The rational covariance extension problem to determine a rational spectral density given a finite number of covariance lags can be seen as a matrix completion problem to construct an infinite-dimensional positive-definite Toeplitz matrix the northwest corner of which is given. The circulant rational covariance extension problem considered in this paper is a modification of this problem to partial stochastic realization of periodic stationary process, which are better represented on the discrete unit circle Z(2N) rather than on the discrete real line Z. The corresponding matrix completion problem then amounts to completing a finite-dimensional Toeplitz matrix that is circulant. Another important motivation for this problem is that it provides a natural approximation, involving only computations based on the fast Fourier transform, for the ordinary rational covariance extension problem, potentially leading to an efficient numerical procedure for the latter. The circulant rational covariance extension problem is an inverse problem with infinitely many solutions in general, each corresponding to a bilateral ARMA representation of the underlying periodic process. In this paper, we present a complete smooth parameterization of all solutions and convex optimization procedures for determining them. A procedure to determine which solution that best matches additional data in the form of logarithmic moments is also presented.

  • 23.
    Lindquist, Anders
    et al.
    KTH, School of Engineering Sciences (SCI), Mathematics (Dept.), Optimization and Systems Theory. KTH, School of Engineering Sciences (SCI), Centres, Center for Industrial and Applied Mathematics, CIAM. KTH, School of Electrical Engineering (EES), Centres, ACCESS Linnaeus Centre.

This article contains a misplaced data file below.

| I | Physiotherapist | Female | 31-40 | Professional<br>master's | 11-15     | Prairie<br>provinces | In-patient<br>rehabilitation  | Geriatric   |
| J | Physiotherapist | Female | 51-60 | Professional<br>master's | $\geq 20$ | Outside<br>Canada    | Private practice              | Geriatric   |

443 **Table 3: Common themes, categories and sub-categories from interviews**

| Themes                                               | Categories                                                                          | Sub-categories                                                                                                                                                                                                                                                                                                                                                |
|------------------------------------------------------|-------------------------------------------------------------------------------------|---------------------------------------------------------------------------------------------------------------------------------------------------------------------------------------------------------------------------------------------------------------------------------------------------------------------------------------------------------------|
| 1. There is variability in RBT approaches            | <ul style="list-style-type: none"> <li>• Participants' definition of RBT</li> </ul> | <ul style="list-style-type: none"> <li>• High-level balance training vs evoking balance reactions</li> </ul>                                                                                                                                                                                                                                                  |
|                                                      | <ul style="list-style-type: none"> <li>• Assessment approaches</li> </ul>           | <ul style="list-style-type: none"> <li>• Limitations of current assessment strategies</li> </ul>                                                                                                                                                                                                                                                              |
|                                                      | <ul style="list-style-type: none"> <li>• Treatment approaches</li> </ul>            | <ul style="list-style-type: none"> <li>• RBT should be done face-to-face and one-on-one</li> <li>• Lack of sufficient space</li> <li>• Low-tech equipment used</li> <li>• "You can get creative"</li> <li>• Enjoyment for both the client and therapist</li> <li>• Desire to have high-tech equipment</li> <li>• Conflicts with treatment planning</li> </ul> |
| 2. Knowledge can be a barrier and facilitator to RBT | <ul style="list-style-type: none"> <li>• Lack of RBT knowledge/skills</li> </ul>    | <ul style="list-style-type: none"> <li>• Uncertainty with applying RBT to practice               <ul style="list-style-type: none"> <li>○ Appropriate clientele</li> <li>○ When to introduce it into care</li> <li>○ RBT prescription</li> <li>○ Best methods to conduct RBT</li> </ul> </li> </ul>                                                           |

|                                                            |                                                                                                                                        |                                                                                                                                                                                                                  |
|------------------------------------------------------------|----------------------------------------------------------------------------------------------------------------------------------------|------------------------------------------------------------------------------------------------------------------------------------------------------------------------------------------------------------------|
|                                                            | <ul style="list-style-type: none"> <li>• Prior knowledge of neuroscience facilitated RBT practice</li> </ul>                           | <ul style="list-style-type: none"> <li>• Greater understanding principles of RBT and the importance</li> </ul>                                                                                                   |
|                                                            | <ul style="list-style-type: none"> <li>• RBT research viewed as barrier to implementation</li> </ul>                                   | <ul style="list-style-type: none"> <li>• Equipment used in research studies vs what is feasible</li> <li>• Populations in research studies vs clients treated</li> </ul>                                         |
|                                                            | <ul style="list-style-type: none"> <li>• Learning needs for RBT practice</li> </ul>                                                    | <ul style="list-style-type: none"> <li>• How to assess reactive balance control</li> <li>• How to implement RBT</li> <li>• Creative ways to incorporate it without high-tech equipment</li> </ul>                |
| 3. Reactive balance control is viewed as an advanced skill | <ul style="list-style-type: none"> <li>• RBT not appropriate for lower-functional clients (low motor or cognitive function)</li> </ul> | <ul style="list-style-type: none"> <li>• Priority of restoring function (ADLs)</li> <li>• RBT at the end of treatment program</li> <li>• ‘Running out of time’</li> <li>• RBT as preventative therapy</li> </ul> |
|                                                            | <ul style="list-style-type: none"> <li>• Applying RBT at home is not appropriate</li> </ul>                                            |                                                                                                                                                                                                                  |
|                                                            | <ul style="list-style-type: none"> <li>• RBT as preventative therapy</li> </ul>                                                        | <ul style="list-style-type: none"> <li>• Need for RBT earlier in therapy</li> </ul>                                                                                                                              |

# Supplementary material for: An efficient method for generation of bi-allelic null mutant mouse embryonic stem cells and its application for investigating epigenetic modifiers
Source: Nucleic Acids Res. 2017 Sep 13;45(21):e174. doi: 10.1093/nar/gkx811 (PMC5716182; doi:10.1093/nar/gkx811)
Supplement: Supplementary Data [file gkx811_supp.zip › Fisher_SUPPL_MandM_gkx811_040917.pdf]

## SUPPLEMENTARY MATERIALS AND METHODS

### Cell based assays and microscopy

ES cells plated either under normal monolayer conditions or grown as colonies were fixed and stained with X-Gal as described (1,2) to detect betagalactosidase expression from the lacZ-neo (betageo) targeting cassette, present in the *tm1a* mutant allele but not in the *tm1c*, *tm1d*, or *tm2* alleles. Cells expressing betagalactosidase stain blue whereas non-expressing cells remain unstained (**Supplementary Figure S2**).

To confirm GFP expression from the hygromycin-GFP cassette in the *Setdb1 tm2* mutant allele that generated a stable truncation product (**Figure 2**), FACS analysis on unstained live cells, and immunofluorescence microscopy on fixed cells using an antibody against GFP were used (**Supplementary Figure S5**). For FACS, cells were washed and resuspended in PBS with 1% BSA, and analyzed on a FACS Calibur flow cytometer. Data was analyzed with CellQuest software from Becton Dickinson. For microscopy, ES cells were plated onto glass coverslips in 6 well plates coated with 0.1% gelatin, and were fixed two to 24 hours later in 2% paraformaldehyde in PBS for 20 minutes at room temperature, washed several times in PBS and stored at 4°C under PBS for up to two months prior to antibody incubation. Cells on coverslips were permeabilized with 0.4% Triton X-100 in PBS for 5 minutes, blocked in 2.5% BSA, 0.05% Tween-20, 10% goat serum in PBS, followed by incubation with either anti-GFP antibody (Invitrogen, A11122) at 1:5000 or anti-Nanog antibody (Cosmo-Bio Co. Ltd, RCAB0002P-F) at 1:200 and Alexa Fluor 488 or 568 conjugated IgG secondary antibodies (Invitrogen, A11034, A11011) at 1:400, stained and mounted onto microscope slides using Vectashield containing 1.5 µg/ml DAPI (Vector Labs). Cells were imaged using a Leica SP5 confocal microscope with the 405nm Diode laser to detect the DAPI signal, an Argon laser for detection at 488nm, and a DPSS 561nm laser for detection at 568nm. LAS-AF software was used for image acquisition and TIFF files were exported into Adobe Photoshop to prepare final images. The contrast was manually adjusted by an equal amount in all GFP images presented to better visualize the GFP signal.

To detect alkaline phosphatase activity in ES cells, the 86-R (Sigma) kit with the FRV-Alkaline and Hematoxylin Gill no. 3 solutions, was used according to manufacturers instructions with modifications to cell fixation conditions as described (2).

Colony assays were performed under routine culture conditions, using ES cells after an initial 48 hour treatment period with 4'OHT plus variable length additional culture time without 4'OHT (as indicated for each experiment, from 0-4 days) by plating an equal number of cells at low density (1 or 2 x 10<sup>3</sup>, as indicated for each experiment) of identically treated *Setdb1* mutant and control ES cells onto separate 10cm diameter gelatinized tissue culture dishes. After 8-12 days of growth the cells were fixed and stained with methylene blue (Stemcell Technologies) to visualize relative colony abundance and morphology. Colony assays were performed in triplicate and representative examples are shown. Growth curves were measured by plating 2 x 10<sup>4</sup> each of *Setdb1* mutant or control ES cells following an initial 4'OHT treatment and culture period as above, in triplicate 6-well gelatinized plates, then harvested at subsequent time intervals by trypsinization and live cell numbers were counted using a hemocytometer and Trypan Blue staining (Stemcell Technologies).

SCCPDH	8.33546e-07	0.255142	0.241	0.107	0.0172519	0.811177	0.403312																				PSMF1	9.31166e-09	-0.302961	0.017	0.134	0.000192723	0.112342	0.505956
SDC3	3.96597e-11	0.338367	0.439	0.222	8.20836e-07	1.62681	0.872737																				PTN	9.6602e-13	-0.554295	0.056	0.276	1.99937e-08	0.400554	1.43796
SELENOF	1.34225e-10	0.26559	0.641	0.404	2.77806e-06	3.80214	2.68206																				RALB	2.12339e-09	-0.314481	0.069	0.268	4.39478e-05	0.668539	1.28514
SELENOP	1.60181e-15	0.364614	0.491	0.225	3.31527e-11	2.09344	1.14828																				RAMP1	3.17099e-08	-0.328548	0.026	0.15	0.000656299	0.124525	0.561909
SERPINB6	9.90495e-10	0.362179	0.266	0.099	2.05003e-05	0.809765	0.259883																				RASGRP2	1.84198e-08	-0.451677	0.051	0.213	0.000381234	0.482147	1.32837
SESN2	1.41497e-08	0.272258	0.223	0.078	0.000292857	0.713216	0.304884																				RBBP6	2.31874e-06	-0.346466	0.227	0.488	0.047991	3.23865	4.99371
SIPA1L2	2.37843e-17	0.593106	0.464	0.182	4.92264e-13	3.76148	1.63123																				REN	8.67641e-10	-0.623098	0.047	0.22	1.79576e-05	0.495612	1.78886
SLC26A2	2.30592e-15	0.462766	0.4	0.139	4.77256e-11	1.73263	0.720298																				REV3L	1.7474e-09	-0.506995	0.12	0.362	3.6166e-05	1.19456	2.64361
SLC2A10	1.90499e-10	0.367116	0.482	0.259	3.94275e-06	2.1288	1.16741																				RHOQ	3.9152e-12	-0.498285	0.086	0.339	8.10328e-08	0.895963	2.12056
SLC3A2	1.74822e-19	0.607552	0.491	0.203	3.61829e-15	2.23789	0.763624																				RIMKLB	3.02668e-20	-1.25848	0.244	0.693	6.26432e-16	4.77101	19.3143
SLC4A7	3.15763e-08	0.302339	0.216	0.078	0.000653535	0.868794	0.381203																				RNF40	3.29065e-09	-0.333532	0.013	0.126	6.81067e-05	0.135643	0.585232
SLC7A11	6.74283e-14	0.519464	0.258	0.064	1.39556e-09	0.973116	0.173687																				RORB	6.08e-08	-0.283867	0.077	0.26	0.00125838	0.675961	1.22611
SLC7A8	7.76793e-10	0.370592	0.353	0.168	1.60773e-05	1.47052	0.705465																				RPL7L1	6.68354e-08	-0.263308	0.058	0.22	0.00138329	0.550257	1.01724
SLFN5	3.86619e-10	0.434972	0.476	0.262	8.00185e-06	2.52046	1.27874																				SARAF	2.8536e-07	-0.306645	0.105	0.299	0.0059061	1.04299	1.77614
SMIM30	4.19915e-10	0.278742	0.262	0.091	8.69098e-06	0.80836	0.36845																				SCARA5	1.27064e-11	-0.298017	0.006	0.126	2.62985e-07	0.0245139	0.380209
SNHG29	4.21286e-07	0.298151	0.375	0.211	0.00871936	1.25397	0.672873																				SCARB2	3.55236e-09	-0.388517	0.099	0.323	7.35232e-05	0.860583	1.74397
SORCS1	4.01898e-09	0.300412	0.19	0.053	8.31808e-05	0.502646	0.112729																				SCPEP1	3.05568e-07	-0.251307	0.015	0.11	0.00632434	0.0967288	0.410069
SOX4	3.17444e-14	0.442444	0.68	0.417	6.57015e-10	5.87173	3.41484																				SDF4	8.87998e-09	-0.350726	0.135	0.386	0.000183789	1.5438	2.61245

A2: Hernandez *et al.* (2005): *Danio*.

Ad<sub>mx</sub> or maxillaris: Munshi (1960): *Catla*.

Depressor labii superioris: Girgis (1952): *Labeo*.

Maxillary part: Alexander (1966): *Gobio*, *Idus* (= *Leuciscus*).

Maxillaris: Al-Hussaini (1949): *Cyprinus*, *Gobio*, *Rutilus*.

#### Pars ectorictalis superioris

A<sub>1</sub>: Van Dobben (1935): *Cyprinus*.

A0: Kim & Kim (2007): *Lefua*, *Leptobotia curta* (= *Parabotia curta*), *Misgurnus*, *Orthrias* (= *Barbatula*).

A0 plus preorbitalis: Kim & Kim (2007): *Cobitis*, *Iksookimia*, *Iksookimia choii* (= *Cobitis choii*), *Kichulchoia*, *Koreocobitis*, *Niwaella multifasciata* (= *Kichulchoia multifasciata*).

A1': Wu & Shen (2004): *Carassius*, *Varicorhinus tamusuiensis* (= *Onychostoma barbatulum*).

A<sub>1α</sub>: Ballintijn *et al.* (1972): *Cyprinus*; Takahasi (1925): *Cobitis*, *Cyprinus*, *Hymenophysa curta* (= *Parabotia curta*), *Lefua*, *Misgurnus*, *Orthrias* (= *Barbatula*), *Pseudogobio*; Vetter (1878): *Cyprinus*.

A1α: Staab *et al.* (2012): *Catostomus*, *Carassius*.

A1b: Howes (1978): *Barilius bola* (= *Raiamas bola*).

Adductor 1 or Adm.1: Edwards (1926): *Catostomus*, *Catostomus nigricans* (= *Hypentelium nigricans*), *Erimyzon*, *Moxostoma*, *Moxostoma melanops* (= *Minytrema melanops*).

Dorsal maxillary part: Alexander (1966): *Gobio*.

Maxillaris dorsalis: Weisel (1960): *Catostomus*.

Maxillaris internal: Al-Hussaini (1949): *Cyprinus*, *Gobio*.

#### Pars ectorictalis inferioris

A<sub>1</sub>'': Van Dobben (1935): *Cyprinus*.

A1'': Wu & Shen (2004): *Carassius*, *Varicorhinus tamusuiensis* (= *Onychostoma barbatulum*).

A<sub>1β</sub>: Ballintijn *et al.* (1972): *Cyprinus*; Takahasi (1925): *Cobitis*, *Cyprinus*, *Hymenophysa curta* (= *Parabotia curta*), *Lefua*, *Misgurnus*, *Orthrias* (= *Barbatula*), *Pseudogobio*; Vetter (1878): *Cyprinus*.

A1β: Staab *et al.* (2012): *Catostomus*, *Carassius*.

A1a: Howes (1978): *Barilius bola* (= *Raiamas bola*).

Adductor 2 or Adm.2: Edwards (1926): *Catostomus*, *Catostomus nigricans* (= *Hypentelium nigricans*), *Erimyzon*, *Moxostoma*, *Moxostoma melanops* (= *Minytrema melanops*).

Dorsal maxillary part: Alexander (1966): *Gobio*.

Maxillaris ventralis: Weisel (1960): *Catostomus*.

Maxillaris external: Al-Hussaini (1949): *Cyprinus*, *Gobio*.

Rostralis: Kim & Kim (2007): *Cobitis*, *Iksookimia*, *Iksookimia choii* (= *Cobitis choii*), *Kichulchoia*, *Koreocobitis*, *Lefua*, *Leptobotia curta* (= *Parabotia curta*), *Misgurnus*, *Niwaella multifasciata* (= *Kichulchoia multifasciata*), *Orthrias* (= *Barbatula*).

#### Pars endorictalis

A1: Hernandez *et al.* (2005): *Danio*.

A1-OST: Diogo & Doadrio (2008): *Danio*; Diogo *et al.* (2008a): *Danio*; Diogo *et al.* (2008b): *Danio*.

Karlsson, Johan
    KTH, School of Engineering Sciences (SCI), Mathematics (Dept.), Optimization and Systems Theory. KTH, School of Engineering Sciences (SCI), Centres, Center for Industrial and Applied Mathematics, CIAM. KTH, School of Electrical Engineering (EES), Centres, ACCESS Linnaeus Centre.
    Georgiou, Tryphon
    Weight selection for gap robustness with degree-constrained controllers2008In: Proc. 47th IEEE Conference on Decision and Control, 2008, p. 4127-4134Conference paper (Refereed)
    Abstract [en]

    In modern robust control, control synthesis may be cast as an interpolation problem where the interpolant relates to robustness and performance criteria. In particular,robustness in the gap fits into this framework and the magnitude of the corresponding interpolant dictate the robustness to perturbations of the plant as a function of frequency. In this paper we consider the correspondence between weighted entropy functionals and minimizing interpolants in order to find appropriate interpolants for e.g. control synthesis. There are two basic issues that we address: we first characterize admissible shapes of minimizers by studying the corresponding inverse problem, and then we develop effective ways of shaping minimizers via suitable choices of weights. These results are used in order to systematize feedback control synthesis to obtain frequency dependentrobustness bounds with a constraint on the controller degree.